Harry and the art of living richly

I had one of the best neighbors anyone could ever ask for.  His name was Harry.

His passing was the sort of news I hadn’t any preparation for.  It came via phone.  I received a call from my girl and she knew how fond I was of him.

“Harry was put down yesterday.  Lee isn’t ready to talk about it.”

I stared into space.   I had seen him the previous afternoon.  “I went over to say hi to him and had five good minutes of puppy love before Lee came back out.”

“Yes,” she began, “You were one of the last people he knew to see him and give him love.”

I broke down over the phone as the awareness washed over me, an emotional building collapsing on the foundation of my soul.  It overcame me, a torrent of sadness and emotion.

“I have to go,” I whimpered past the lump in my throat as I hung up the phone.   I let my head collapse into my hands as I quietly sobbed.  I was at work and in an office surrounded by colleagues and didn’t want anyone to notice, although I was prepared to lie if asked.  I would have readily blamed the sniffling and tears on allergies.  Plausible in the Florida climate on almost any given day but not likely in the winter when the weather was clear with a temperature in the mid-forties.  I just didn’t want anyone to ask because explaining would have diminished the impact the little guy had on everyone he met and I didn’t want to put anyone in that awkward position of comforting a grown man with wet cheeks, because big boys aren’t supposed to cry.

A bit about Harry.  Harry was a handsome blonde fellow with the most brilliant golden-yellow eyes one had ever seen.  When we moved into the house across the street from him we quickly became friends with his human companions.  They loved and doted on him in a way that only people who understand what it means to have a canine companion almost from birth in one’s life.  He was already fifteen when we first formally met, and there shone such brilliance in those eyes.

I went across the street to bring Lee a big bronze eagle.  It was the sort of Americana piece one hung proudly over the mantle, or kitchen, or even in the garage, over one’s tool crib.  There was a community garage sale coming up and I decided I didn’t want to sell it; I wanted to give it to Lee.  Something told me he’d appreciate it.

That was when I saw Harry.  I knew I heard him barking, a subtle plaintive call for attention from anyone near enough to hear.  When I walked up to the garage the passenger door to Lee’s old Ford with over a quarter – million miles on its odometer was open.  I expected to see Lee hunkered down, working on something inside.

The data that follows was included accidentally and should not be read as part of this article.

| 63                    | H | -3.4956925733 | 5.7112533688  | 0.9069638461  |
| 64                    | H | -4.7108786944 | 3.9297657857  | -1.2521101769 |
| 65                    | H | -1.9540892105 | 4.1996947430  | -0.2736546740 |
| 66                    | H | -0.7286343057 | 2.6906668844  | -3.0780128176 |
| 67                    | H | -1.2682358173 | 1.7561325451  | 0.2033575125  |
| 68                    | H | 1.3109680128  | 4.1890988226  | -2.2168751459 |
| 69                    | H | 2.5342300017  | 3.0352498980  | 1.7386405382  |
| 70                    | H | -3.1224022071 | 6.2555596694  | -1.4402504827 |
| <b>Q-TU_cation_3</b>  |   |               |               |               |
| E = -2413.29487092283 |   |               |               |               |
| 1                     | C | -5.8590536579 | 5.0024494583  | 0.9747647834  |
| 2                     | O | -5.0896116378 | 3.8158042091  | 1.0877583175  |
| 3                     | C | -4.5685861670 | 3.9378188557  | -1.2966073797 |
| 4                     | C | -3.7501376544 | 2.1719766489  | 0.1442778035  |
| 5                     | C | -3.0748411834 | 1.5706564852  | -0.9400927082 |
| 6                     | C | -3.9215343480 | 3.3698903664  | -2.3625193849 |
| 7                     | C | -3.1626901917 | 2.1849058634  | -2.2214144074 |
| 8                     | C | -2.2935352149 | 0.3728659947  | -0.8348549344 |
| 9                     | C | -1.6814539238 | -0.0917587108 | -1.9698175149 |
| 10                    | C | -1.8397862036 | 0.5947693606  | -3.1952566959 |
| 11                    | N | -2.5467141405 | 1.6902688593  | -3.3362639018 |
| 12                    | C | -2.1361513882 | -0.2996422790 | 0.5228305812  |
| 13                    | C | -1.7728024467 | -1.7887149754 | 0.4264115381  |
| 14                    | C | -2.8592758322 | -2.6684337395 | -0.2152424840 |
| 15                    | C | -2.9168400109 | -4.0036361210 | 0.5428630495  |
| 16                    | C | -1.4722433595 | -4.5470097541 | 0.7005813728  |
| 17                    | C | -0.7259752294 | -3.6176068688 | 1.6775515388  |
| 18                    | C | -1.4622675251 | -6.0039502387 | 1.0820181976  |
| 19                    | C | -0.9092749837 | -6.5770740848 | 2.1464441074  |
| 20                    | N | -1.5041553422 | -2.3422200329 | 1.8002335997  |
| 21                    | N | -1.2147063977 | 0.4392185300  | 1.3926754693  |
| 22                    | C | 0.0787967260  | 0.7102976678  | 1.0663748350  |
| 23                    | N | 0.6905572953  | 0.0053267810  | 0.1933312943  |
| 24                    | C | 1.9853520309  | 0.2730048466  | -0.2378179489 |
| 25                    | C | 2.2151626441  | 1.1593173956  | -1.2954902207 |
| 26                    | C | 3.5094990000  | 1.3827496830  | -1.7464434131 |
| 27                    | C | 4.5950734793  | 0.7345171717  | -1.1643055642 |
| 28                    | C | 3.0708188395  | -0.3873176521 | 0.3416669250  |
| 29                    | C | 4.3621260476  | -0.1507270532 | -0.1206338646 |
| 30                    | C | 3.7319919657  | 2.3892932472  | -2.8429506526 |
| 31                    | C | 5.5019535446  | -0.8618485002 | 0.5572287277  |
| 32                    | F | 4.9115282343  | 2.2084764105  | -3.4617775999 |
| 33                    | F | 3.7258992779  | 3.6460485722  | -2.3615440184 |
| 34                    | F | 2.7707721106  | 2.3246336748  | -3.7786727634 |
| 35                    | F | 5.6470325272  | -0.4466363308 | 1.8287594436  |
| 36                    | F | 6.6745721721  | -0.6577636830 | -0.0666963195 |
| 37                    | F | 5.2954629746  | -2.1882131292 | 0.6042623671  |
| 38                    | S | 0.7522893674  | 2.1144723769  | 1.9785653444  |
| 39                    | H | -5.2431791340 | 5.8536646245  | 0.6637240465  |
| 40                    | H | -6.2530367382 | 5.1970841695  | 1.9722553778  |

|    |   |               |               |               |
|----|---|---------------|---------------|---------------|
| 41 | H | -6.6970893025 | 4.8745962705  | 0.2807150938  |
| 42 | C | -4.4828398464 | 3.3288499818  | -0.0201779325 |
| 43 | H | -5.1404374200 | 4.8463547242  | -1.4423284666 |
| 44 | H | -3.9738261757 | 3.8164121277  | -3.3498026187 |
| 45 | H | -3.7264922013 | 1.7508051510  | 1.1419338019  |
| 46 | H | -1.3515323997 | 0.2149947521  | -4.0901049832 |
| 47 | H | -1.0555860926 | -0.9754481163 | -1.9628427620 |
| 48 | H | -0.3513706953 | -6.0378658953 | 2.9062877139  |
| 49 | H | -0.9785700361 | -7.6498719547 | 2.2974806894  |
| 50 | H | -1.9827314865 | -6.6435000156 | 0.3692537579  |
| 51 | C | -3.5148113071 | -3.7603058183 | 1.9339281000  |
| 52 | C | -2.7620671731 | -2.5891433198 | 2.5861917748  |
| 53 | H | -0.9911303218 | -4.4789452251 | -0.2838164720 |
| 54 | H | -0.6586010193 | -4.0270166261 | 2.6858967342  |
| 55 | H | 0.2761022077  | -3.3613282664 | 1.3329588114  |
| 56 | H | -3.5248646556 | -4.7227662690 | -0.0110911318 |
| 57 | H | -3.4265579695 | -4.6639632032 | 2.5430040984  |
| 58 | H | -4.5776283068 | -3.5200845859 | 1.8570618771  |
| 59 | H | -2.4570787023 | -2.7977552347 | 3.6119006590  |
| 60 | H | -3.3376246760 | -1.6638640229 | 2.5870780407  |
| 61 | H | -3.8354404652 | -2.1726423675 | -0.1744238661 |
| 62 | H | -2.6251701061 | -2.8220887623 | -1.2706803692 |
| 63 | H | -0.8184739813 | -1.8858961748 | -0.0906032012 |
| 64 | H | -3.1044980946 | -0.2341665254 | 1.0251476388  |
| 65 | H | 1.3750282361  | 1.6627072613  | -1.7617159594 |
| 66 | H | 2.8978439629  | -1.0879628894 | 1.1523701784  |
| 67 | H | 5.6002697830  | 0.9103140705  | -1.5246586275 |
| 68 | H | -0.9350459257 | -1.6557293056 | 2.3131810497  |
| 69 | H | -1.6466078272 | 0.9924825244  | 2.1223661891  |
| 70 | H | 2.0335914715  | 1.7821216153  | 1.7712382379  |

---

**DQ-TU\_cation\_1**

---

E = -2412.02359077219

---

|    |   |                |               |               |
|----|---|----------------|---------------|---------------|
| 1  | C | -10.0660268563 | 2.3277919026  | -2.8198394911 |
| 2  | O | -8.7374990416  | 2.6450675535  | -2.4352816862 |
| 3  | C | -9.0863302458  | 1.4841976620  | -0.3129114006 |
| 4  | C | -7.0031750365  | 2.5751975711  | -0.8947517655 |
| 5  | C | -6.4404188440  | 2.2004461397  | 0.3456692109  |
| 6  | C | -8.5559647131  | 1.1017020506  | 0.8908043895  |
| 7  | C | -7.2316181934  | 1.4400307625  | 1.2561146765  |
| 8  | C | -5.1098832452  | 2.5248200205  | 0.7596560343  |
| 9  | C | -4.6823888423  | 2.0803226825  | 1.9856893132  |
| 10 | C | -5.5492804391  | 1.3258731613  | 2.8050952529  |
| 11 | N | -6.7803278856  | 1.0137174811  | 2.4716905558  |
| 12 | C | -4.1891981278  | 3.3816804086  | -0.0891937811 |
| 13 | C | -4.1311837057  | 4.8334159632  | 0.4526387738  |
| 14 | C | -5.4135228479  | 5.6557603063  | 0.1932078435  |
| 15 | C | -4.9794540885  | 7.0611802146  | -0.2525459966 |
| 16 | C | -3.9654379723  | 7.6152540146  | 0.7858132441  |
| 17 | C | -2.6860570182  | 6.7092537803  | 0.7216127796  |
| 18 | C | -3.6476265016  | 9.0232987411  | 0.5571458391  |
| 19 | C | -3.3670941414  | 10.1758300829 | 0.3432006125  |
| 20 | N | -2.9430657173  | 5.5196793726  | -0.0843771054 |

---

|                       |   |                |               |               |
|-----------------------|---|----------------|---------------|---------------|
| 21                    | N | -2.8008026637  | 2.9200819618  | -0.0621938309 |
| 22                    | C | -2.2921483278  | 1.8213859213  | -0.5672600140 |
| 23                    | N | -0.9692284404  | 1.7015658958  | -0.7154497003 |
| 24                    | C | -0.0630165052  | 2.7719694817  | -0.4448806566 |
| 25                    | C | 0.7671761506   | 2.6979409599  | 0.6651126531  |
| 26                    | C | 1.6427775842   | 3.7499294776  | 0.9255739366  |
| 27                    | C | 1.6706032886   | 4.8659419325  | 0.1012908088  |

Instead there was Harry.  I placed the bronze art piece down and began scratching his head.  I leaned forward and talked to him, oblivious to anyone else.  And his eyes? They looked out from a frame that had long ago stopped working to support a soul that was still as energetic and vibrant as any puppy turned loose in a field.  But those eyes were lucid, understanding, comprehending eyes.  Harry could no longer run, but you knew, as he slept, in dreams he was out chasing squirrels and rabbits and running because that’s what retrievers do.  I continued to scratch his ears and jowls until Lee came out.

Lee could be one heck of a poker player, because he didn’t give one tell as to what he was up to or the hard decision he was to make.  I gave Lee the piece and said good bye to Harry, sure I’d see him sitting outside later.

Oh, they fussed over him, and he deserved it.  They loved him in a way that makes one realize the world is filled with good people doing good things who never get recognized nor desire the recognition.  What is more sacred than the preservation and protection of life?  In his golden years they saw to it he was cared for, because they did it with love themselves.  Mom would feed him chicken, and dad would pick him up and take him outside to lie in the grass, where he would paw at it, and bark, and drink water, or just relax.  Nothing brought a smile like watching that tail wag vigorously when Harry was moved to a prime piece of real estate in the front yard, high above the road, master of all he commanded.

The first time we’d been invited inside their house we noticed the layout was designed with Harry in mind. There was a mattress on the floor, for Harry. “Some people say I’m cruel,” Lee once said.  “But Harry’s fine.”

Lee didn’t need defending.  Where the dog’s body had begun to fail him, his mind still served him exceedingly well.  It was a quality-of-life issue.  And Harry’s life was all about quality.  He was a quality guy surrounded by quality people.  I agreed.  Harry was fine.  It reminded me of an expression I once heard.  “I hope I can only be the measure of the man my dog thinks I am.”  Lee satisfied that and more.  In a moment that carried the heft of immeasurable weight the words of Pablo Neruda rang with surprising clarity.

Harry would never have had a better, more fulfilling life anywhere else.  And I know he is running around right now, even as I work through the sadness of the passing for a dog that touched my life. I can only imagine how he enriched the lives of Lee and Cami, two people who loved and cared for him with the sort of selflessness not often evident these days.  I was lucky to have met him.  So was anyone else.

Have a good run, Harry.

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One Response to “Harry and the art of living richly”

  1. Sandra Says:

    Wow, Beautiful Ron.
    When I read it, I got tears in my eyes.

    xx from Holland

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